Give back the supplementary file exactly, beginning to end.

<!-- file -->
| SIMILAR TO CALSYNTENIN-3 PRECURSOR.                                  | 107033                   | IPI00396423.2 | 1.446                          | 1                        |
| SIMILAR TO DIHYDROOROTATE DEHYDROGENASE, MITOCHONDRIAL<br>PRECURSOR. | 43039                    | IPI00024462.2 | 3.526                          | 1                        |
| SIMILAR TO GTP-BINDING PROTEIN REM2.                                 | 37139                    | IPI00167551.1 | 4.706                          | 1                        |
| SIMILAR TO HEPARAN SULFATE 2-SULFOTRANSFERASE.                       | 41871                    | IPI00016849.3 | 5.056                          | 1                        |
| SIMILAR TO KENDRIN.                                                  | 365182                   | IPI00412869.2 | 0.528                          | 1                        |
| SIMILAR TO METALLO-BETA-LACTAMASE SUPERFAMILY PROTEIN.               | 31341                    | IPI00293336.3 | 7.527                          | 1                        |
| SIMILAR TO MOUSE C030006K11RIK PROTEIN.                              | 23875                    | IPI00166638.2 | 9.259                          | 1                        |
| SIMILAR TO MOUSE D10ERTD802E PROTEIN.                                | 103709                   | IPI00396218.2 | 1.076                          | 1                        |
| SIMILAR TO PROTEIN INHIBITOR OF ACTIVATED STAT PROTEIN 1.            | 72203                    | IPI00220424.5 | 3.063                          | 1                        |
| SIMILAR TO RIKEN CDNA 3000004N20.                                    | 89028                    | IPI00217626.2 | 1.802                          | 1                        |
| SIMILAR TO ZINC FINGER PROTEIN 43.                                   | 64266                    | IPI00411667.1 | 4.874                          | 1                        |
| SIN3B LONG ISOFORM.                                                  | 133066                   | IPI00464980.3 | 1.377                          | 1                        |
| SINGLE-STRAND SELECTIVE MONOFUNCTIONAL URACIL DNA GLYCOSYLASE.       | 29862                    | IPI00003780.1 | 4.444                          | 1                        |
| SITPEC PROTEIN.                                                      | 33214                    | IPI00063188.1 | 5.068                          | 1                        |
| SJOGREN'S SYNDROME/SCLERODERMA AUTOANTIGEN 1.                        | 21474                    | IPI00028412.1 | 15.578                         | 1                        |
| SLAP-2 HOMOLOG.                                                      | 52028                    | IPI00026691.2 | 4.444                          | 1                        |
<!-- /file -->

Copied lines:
| SIMILAR TO CALSYNTENIN-3 PRECURSOR.                                  | 107033                   | IPI00396423.2 | 1.446                          | 1                        |
| SIMILAR TO DIHYDROOROTATE DEHYDROGENASE, MITOCHONDRIAL<br>PRECURSOR. | 43039                    | IPI00024462.2 | 3.526                          | 1                        |
| SIMILAR TO GTP-BINDING PROTEIN REM2.                                 | 37139                    | IPI00167551.1 | 4.706                          | 1                        |
| SIMILAR TO HEPARAN SULFATE 2-SULFOTRANSFERASE.                       | 41871                    | IPI00016849.3 | 5.056                          | 1                        |
| SIMILAR TO KENDRIN.                                                  | 365182                   | IPI00412869.2 | 0.528                          | 1                        |
| SIMILAR TO METALLO-BETA-LACTAMASE SUPERFAMILY PROTEIN.               | 31341                    | IPI00293336.3 | 7.527                          | 1                        |
| SIMILAR TO MOUSE C030006K11RIK PROTEIN.                              | 23875                    | IPI00166638.2 | 9.259                          | 1                        |
| SIMILAR TO MOUSE D10ERTD802E PROTEIN.                                | 103709                   | IPI00396218.2 | 1.076                          | 1                        |
| SIMILAR TO PROTEIN INHIBITOR OF ACTIVATED STAT PROTEIN 1.            | 72203                    | IPI00220424.5 | 3.063                          | 1                        |
| SIMILAR TO RIKEN CDNA 3000004N20.                                    | 89028                    | IPI00217626.2 | 1.802                          | 1                        |
| SIMILAR TO ZINC FINGER PROTEIN 43.                                   | 64266                    | IPI00411667.1 | 4.874                          | 1                        |
| SIN3B LONG ISOFORM.                                                  | 133066                   | IPI00464980.3 | 1.377                          | 1                        |
| SINGLE-STRAND SELECTIVE MONOFUNCTIONAL URACIL DNA GLYCOSYLASE.       | 29862                    | IPI00003780.1 | 4.444                          | 1                        |
| SITPEC PROTEIN.                                                      | 33214                    | IPI00063188.1 | 5.068                          | 1                        |
| SJOGREN'S SYNDROME/SCLERODERMA AUTOANTIGEN 1.                        | 21474                    | IPI00028412.1 | 15.578                         | 1                        |
| SLAP-2 HOMOLOG.                                                      | 52028                    | IPI00026691.2 | 4.444                          | 1                        |